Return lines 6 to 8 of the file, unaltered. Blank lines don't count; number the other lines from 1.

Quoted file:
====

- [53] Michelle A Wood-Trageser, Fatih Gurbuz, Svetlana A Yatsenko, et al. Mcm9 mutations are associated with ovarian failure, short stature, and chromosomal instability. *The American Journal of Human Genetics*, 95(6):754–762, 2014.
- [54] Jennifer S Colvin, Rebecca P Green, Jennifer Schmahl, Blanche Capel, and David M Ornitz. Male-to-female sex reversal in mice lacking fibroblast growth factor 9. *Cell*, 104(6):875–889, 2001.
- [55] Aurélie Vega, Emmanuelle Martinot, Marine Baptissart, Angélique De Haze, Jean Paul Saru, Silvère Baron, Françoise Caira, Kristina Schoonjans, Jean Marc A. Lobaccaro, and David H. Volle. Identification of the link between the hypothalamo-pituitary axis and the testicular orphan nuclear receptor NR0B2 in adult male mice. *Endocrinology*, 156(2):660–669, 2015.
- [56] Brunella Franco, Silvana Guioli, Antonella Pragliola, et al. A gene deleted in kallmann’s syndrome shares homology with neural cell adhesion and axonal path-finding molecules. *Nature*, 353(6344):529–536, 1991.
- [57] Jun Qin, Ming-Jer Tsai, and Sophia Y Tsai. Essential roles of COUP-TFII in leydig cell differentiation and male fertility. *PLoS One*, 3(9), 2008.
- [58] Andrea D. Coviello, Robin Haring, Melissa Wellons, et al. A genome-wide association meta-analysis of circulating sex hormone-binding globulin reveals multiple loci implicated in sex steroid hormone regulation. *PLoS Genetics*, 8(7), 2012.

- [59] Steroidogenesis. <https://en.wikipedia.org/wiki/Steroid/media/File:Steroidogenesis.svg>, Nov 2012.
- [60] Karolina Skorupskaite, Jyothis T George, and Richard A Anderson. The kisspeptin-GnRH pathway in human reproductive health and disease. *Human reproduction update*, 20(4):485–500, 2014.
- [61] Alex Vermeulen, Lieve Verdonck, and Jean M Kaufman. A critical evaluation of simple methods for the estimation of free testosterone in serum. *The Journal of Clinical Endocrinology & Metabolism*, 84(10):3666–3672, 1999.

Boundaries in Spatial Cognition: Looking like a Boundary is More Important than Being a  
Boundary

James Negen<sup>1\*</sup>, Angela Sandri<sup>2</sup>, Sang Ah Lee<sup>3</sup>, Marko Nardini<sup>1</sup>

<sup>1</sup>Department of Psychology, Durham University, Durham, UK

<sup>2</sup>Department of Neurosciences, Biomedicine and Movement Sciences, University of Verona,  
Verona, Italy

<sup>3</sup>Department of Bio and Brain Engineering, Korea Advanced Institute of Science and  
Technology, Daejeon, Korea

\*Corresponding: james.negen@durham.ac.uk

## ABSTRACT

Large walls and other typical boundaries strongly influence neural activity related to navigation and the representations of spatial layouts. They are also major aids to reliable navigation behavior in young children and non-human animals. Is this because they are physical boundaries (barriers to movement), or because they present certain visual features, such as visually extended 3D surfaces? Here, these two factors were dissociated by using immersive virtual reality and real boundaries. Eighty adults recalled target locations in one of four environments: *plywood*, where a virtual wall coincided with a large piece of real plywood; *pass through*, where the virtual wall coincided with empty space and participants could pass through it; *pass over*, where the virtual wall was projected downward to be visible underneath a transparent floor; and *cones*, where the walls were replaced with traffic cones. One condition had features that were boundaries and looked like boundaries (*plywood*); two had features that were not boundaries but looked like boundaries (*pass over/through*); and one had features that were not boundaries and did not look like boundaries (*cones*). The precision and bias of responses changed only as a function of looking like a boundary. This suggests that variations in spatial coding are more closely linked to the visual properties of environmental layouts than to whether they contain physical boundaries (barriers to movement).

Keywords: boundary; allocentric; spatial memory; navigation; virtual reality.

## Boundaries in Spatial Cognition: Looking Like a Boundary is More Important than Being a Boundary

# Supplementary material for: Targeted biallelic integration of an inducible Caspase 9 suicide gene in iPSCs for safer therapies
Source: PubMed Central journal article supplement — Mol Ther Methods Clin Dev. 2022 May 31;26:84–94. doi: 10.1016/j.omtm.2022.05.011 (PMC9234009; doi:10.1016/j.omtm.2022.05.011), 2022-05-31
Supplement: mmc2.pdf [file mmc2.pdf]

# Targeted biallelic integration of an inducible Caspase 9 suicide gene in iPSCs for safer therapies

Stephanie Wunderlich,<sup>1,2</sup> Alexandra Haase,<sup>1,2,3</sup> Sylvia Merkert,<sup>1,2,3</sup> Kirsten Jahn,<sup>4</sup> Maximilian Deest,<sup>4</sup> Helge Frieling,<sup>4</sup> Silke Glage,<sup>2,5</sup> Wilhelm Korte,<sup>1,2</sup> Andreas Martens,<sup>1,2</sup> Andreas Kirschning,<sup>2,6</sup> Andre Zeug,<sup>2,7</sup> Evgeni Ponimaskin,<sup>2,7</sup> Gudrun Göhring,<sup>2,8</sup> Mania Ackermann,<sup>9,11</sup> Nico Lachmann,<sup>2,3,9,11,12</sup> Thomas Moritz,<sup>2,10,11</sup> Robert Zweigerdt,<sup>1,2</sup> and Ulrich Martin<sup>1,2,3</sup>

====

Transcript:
- [58] Andrea D. Coviello, Robin Haring, Melissa Wellons, et al. A genome-wide association meta-analysis of circulating sex hormone-binding globulin reveals multiple loci implicated in sex steroid hormone regulation. *PLoS Genetics*, 8(7), 2012.

- [59] Steroidogenesis. <https://en.wikipedia.org/wiki/Steroid/media/File:Steroidogenesis.svg>, Nov 2012.
- [60] Karolina Skorupskaite, Jyothis T George, and Richard A Anderson. The kisspeptin-GnRH pathway in human reproductive health and disease. *Human reproduction update*, 20(4):485–500, 2014.